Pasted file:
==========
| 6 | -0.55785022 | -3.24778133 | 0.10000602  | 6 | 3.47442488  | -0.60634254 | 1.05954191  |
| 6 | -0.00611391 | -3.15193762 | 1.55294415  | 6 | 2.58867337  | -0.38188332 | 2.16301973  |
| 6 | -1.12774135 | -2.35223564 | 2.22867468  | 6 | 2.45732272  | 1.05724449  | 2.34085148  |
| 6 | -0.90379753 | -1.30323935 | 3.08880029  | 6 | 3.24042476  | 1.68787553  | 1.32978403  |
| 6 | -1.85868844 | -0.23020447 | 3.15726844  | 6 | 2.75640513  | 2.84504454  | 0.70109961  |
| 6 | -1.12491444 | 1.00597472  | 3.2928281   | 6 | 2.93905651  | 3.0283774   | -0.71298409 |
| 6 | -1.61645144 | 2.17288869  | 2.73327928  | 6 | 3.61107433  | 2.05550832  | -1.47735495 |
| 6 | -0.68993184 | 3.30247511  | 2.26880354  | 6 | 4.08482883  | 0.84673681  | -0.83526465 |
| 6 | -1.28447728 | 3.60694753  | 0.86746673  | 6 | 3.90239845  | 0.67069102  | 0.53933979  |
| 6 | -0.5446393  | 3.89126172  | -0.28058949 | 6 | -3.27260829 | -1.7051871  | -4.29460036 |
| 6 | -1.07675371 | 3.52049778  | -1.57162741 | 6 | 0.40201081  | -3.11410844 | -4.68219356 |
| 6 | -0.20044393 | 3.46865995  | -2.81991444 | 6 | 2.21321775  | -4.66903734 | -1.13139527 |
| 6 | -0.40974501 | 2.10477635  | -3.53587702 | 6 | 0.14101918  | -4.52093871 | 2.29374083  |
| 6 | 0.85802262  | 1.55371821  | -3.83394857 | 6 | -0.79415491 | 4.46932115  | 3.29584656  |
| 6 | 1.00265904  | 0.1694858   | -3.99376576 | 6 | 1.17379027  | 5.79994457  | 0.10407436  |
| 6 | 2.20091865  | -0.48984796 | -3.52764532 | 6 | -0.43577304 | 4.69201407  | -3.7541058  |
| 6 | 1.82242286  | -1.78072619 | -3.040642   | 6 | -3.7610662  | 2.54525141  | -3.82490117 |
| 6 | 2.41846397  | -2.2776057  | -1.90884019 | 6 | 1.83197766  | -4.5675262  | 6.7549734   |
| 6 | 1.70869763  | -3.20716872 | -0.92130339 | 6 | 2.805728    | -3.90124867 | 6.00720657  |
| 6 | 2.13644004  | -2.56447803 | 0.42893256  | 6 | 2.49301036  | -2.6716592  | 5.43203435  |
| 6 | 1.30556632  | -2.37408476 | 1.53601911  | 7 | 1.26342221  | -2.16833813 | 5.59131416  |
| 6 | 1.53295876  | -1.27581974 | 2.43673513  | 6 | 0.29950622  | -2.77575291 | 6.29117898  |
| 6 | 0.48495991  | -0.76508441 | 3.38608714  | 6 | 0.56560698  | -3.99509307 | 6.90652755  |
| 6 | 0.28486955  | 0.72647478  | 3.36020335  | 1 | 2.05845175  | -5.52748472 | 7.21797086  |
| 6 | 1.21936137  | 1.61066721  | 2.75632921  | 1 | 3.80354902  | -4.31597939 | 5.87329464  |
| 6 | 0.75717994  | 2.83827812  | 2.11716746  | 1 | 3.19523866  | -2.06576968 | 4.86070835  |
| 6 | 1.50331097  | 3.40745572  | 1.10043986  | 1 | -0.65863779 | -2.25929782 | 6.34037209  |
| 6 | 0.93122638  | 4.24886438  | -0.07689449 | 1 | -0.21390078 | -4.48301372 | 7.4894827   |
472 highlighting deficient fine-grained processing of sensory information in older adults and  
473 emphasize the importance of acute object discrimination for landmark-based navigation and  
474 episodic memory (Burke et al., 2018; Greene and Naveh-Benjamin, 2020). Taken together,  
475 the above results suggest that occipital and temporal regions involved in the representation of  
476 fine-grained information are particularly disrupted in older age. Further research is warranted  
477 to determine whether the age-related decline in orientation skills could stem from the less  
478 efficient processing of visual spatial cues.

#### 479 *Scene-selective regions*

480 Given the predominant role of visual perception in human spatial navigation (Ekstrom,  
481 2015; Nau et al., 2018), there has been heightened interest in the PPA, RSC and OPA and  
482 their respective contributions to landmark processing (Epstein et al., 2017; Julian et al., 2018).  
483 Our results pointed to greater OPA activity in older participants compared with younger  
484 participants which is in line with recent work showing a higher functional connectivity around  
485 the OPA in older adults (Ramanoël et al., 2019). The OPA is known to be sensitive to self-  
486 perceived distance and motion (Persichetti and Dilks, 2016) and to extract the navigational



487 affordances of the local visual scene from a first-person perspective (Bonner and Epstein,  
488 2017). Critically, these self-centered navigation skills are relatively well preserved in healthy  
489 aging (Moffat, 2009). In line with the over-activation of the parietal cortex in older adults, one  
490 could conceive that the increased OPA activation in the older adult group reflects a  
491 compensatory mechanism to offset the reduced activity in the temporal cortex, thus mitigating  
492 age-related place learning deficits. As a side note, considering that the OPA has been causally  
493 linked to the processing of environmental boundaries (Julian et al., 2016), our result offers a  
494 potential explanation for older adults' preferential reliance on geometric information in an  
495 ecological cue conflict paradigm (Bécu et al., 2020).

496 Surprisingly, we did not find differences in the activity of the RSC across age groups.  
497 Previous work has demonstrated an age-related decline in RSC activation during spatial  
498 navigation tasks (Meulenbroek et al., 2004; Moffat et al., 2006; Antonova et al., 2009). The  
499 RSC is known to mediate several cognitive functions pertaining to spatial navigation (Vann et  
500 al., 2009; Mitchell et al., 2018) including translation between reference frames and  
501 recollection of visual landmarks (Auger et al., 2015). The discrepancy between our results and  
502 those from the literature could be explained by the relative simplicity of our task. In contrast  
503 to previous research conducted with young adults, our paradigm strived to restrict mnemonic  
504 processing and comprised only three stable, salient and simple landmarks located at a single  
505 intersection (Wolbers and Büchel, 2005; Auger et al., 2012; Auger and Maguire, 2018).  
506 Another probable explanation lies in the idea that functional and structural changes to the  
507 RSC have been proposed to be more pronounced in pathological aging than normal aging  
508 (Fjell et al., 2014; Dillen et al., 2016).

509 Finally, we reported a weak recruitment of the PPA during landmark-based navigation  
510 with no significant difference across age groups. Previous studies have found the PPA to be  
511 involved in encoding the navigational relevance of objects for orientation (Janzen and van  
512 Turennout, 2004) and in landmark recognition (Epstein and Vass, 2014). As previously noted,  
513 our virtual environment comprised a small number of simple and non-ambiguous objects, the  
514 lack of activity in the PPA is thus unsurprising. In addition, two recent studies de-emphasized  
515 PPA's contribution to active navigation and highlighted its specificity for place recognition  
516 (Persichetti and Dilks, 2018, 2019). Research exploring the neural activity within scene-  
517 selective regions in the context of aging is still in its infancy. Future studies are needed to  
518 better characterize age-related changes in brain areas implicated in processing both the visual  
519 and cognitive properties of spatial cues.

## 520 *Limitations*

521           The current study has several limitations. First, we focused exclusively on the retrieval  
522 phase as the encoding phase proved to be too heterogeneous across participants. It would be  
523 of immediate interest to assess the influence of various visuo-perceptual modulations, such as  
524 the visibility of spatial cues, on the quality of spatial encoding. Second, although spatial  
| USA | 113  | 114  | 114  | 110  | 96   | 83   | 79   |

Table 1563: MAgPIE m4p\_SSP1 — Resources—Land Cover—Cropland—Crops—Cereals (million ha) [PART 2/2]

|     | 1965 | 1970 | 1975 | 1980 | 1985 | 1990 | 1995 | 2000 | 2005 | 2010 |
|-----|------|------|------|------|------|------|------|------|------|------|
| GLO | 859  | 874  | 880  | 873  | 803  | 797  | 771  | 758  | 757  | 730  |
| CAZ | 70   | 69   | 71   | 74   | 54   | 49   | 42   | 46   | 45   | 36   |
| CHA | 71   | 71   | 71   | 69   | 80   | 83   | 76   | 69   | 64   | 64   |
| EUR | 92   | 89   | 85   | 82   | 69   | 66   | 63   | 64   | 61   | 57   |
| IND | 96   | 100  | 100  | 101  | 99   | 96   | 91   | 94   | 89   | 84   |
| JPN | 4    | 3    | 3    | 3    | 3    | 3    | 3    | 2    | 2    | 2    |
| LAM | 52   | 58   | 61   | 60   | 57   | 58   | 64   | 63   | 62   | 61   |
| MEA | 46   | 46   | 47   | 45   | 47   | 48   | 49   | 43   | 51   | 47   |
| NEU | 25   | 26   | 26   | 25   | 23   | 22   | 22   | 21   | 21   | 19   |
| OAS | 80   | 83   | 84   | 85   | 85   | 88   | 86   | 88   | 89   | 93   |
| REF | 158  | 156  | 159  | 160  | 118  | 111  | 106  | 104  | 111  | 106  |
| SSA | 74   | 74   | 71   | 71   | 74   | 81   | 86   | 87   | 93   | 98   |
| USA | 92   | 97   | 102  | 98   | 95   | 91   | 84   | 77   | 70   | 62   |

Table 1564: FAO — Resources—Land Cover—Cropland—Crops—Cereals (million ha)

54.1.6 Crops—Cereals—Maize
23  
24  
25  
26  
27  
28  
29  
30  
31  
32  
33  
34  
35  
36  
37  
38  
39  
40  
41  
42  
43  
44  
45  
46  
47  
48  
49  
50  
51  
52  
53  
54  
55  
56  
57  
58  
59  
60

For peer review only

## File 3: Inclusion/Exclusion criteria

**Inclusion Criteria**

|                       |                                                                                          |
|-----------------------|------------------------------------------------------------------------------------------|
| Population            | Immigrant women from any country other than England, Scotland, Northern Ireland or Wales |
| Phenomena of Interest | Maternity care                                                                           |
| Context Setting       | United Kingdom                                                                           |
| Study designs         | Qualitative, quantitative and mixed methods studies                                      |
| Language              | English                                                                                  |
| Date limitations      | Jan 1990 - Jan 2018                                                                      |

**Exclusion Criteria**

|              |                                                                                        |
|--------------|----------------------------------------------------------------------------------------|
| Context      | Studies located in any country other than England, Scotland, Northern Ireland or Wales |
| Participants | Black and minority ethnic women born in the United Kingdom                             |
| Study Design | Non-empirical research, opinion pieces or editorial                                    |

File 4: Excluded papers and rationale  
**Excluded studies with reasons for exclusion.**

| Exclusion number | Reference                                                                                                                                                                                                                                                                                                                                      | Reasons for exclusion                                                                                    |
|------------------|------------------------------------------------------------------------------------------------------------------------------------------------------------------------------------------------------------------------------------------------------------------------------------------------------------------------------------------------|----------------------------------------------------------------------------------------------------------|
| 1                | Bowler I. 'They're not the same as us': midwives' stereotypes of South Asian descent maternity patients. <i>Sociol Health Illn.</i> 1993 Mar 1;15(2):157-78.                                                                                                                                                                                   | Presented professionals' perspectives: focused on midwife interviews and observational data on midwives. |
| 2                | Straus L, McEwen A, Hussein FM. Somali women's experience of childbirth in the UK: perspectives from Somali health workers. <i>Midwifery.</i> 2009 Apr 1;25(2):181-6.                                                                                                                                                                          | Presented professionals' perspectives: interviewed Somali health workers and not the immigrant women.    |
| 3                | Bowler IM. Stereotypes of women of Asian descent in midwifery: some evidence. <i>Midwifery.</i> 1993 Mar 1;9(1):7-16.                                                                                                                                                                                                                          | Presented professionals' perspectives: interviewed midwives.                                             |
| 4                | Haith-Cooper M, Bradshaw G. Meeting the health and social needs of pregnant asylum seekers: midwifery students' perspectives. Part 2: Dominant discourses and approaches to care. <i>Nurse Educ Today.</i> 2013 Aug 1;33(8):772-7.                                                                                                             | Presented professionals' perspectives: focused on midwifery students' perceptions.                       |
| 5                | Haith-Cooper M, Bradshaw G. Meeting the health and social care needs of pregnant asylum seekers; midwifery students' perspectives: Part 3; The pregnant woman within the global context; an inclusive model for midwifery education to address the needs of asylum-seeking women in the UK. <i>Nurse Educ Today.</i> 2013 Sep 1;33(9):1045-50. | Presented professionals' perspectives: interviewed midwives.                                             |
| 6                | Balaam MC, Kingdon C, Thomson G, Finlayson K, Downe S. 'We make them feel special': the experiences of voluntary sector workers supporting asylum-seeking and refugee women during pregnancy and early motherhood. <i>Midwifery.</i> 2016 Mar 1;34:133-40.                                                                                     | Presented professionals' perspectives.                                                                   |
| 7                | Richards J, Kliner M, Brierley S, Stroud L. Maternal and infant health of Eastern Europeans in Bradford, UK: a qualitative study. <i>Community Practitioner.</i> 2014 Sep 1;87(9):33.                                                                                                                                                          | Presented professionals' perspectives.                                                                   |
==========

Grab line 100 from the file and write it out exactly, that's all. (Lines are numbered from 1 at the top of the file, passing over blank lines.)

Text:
54.1.6 Crops—Cereals—Maize